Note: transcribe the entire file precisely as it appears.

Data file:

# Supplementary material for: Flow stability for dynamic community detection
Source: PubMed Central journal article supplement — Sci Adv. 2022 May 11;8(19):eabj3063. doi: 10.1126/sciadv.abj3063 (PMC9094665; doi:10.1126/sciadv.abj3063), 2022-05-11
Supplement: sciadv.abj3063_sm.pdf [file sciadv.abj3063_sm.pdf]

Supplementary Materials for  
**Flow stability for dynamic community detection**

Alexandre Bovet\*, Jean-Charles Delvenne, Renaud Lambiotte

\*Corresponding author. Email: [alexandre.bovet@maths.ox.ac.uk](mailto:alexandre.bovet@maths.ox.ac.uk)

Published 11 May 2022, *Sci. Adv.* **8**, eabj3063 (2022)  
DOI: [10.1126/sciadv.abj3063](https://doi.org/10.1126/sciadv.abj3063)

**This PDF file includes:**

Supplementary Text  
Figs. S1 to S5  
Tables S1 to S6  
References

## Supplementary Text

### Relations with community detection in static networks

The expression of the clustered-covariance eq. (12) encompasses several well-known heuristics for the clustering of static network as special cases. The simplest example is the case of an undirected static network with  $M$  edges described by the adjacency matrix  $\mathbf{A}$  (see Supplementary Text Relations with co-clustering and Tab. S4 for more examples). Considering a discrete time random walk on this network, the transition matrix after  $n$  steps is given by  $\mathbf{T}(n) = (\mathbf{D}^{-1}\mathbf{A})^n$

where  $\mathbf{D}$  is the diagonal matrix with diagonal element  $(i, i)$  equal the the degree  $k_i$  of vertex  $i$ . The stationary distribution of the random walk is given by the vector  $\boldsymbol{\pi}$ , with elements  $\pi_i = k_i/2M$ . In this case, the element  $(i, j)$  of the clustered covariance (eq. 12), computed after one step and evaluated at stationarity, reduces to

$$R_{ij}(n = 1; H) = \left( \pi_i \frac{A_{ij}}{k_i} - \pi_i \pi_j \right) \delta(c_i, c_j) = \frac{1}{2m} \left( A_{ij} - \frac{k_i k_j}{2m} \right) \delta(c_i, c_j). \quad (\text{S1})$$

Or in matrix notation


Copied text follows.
# Supplementary material for: Flow stability for dynamic community detection
Source: PubMed Central journal article supplement — Sci Adv. 2022 May 11;8(19):eabj3063. doi: 10.1126/sciadv.abj3063 (PMC9094665; doi:10.1126/sciadv.abj3063), 2022-05-11
Supplement: sciadv.abj3063_sm.pdf [file sciadv.abj3063_sm.pdf]

Supplementary Materials for  
**Flow stability for dynamic community detection**

Alexandre Bovet\*, Jean-Charles Delvenne, Renaud Lambiotte

\*Corresponding author. Email: [alexandre.bovet@maths.ox.ac.uk](mailto:alexandre.bovet@maths.ox.ac.uk)

Published 11 May 2022, *Sci. Adv.* **8**, eabj3063 (2022)  
DOI: [10.1126/sciadv.abj3063](https://doi.org/10.1126/sciadv.abj3063)

**This PDF file includes:**

Supplementary Text  
Figs. S1 to S5  
Tables S1 to S6  
References

## Supplementary Text

### Relations with community detection in static networks

The expression of the clustered-covariance eq. (12) encompasses several well-known heuristics for the clustering of static network as special cases. The simplest example is the case of an undirected static network with  $M$  edges described by the adjacency matrix  $\mathbf{A}$  (see Supplementary Text Relations with co-clustering and Tab. S4 for more examples). Considering a discrete time random walk on this network, the transition matrix after  $n$  steps is given by  $\mathbf{T}(n) = (\mathbf{D}^{-1}\mathbf{A})^n$

where  $\mathbf{D}$  is the diagonal matrix with diagonal element  $(i, i)$  equal the the degree  $k_i$  of vertex  $i$ . The stationary distribution of the random walk is given by the vector  $\boldsymbol{\pi}$ , with elements  $\pi_i = k_i/2M$ . In this case, the element  $(i, j)$  of the clustered covariance (eq. 12), computed after one step and evaluated at stationarity, reduces to

$$R_{ij}(n = 1; H) = \left( \pi_i \frac{A_{ij}}{k_i} - \pi_i \pi_j \right) \delta(c_i, c_j) = \frac{1}{2m} \left( A_{ij} - \frac{k_i k_j}{2m} \right) \delta(c_i, c_j). \quad (\text{S1})$$

Or in matrix notation